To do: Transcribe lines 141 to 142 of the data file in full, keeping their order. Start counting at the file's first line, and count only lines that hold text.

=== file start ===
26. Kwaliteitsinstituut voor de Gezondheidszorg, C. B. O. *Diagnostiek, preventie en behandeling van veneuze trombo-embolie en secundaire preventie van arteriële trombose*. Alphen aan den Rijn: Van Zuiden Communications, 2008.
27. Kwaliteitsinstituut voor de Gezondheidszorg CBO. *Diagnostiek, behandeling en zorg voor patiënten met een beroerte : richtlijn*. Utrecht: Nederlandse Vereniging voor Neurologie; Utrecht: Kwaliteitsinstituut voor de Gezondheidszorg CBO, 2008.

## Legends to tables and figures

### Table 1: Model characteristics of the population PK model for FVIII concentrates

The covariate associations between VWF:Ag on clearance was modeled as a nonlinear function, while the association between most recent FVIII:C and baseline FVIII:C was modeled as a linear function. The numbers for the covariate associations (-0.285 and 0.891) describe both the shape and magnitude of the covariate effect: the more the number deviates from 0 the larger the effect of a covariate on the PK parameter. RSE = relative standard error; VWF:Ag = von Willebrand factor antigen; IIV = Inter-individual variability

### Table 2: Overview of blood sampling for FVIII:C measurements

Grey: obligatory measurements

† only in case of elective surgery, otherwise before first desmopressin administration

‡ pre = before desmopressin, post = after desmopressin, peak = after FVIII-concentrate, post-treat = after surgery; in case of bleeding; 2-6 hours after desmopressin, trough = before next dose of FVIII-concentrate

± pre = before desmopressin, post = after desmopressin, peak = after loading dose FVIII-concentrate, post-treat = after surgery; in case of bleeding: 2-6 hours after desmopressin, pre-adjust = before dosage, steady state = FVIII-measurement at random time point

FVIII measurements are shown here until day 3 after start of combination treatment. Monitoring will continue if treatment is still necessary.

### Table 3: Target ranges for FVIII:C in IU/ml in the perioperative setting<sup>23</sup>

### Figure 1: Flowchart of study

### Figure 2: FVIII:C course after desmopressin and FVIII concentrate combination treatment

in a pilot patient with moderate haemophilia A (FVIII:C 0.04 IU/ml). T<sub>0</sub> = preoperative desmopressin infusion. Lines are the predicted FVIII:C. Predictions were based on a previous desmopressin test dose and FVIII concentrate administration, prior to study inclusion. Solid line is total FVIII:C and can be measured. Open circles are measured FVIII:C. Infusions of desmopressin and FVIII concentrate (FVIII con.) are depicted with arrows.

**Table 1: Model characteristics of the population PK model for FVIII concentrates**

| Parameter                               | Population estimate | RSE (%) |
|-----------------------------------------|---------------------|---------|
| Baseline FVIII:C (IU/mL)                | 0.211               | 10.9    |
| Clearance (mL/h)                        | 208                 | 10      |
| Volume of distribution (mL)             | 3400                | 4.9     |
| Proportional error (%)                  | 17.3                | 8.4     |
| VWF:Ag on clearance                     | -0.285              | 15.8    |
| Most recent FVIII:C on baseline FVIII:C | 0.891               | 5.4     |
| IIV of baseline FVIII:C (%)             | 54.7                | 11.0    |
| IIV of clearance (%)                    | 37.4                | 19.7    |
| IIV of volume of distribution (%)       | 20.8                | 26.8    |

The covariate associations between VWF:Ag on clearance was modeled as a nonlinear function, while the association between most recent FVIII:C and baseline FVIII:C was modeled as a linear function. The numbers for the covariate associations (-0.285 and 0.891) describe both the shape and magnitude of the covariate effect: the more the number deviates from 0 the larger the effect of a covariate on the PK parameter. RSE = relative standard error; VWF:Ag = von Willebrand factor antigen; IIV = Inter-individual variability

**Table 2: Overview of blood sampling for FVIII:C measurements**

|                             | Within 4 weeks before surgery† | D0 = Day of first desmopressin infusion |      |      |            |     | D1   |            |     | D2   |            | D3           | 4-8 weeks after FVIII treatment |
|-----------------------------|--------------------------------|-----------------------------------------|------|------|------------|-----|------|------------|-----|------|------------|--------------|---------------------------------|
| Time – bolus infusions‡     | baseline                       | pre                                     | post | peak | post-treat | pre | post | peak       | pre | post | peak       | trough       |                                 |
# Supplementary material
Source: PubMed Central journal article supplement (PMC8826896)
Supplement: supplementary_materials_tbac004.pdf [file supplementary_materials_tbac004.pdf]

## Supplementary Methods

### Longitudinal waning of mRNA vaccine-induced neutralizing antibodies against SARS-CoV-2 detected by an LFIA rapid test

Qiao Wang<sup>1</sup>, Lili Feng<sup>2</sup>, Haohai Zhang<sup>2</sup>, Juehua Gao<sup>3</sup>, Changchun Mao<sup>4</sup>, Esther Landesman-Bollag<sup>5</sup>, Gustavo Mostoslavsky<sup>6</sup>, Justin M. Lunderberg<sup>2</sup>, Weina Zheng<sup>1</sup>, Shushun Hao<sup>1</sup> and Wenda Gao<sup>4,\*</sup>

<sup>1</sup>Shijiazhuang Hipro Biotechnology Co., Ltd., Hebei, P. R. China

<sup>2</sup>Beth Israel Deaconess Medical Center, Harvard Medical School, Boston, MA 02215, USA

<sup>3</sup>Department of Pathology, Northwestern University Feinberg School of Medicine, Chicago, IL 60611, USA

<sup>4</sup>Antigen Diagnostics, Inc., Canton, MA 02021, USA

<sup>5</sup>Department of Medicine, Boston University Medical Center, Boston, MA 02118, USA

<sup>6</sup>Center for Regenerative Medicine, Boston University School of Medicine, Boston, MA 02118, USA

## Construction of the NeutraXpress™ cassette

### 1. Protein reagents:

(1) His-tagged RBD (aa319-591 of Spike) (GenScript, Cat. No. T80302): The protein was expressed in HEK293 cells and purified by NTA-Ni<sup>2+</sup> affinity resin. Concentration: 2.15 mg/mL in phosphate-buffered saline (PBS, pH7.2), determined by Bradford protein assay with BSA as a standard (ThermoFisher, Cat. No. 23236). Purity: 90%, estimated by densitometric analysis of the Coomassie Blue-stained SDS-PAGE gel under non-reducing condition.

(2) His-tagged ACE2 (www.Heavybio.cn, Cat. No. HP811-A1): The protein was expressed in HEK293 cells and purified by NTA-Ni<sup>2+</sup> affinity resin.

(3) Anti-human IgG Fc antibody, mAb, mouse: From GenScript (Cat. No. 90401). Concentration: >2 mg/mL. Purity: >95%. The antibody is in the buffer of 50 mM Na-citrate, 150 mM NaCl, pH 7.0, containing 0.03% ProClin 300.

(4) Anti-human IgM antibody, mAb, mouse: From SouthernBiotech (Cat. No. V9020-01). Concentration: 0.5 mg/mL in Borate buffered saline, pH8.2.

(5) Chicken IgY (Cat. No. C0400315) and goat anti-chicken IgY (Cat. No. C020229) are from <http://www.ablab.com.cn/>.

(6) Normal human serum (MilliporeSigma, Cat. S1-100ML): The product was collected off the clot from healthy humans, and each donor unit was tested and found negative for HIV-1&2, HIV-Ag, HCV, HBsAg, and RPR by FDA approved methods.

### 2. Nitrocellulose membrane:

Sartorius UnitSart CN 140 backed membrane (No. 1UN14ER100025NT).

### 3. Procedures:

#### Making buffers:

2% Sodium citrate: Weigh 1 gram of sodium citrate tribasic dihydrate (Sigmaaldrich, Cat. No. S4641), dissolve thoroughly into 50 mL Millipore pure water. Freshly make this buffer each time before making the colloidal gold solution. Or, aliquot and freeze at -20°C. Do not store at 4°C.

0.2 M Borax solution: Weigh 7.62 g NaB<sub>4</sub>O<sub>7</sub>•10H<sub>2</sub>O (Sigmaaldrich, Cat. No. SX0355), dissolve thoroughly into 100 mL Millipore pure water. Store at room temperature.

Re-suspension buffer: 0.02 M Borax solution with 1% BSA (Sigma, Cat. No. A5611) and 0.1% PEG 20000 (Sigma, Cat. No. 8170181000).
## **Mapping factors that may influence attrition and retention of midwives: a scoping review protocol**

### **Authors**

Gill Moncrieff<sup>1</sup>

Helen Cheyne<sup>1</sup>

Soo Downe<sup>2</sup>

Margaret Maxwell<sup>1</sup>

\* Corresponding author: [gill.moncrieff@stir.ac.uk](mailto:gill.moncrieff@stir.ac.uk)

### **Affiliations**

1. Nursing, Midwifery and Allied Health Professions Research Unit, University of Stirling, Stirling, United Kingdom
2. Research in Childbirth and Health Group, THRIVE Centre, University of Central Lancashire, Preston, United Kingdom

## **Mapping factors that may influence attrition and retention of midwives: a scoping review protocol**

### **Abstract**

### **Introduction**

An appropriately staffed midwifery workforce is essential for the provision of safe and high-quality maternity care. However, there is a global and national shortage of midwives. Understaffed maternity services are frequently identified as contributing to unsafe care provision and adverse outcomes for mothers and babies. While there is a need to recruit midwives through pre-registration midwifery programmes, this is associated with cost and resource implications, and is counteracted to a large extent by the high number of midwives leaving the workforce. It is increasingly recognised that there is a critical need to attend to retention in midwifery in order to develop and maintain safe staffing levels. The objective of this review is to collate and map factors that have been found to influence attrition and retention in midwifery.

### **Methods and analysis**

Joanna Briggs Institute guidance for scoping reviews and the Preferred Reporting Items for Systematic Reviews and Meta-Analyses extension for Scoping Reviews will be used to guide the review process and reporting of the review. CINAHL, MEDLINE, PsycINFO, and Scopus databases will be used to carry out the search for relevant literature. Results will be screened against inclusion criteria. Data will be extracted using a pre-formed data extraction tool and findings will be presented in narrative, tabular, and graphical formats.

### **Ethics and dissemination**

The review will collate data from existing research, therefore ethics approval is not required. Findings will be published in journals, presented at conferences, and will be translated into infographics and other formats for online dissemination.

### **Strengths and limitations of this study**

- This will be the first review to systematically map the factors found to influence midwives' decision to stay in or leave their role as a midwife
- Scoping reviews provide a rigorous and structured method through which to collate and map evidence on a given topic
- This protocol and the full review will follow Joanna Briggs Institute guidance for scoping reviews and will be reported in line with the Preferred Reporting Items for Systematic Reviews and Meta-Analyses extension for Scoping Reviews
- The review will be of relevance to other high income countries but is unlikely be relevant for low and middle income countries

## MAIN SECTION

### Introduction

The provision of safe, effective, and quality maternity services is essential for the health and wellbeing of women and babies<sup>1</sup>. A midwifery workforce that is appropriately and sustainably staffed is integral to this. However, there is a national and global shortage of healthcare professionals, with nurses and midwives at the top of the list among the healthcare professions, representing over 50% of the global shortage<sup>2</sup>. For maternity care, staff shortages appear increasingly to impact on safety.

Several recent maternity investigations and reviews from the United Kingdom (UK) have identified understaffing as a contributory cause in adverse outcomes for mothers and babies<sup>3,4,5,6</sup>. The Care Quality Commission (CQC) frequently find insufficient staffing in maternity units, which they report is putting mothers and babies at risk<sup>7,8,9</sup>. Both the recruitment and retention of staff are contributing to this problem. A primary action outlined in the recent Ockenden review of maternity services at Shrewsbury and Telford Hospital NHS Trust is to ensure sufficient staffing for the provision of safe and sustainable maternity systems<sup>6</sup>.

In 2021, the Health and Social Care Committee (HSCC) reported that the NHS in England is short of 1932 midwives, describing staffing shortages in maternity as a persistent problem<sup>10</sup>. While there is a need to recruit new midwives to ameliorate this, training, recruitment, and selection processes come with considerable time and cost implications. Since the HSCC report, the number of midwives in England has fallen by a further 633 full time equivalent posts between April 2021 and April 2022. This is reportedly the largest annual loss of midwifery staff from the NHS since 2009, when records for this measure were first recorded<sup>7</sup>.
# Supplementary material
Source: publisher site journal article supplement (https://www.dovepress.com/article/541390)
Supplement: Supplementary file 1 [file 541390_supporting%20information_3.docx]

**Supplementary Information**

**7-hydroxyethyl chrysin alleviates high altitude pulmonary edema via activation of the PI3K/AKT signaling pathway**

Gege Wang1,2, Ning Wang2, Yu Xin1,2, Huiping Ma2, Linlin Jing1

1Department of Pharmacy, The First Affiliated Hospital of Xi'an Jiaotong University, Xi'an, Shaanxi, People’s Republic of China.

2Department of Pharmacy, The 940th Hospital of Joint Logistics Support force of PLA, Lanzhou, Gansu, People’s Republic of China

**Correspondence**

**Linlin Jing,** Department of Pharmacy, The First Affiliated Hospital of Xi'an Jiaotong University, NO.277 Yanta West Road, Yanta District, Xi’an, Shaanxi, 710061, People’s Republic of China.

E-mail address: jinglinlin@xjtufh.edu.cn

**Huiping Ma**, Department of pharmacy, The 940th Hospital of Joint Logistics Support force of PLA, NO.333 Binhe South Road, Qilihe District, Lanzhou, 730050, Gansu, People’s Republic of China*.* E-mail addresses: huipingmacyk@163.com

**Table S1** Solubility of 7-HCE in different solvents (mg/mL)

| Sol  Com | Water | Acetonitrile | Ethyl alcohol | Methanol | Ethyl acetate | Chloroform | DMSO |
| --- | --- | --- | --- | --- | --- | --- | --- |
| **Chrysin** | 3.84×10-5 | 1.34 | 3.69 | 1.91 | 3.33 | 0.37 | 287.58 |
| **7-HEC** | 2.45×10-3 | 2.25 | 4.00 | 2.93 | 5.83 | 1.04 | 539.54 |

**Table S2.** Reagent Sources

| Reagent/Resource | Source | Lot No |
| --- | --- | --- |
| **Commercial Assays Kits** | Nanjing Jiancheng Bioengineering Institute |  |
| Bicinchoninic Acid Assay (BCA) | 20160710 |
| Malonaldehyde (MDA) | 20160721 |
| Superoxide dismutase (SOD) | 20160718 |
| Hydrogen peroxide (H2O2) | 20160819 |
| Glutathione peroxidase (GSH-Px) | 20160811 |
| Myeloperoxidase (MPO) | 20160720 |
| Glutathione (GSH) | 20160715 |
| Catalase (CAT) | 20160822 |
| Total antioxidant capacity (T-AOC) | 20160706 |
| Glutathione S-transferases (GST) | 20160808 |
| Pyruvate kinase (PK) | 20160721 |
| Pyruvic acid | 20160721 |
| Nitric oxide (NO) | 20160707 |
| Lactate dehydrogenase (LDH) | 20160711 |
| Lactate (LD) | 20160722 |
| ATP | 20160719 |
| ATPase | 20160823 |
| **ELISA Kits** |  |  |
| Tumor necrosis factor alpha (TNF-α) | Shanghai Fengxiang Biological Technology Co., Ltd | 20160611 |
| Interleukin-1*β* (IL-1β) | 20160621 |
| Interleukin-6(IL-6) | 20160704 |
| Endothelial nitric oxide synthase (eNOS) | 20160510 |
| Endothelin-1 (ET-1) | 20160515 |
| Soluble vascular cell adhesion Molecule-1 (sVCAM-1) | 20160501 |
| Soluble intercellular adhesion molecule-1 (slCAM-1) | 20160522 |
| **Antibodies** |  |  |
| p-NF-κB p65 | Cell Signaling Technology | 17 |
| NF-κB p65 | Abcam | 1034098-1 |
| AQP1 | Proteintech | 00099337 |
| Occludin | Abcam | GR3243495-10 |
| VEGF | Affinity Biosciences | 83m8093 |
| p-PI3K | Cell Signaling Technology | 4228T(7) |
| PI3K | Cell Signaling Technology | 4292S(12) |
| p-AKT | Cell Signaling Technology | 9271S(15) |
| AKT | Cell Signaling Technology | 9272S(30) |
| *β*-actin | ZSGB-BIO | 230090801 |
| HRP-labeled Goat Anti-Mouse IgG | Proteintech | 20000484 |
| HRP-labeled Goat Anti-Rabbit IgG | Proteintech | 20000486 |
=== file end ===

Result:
| PI3K | Cell Signaling Technology | 4292S(12) |
| p-AKT | Cell Signaling Technology | 9271S(15) |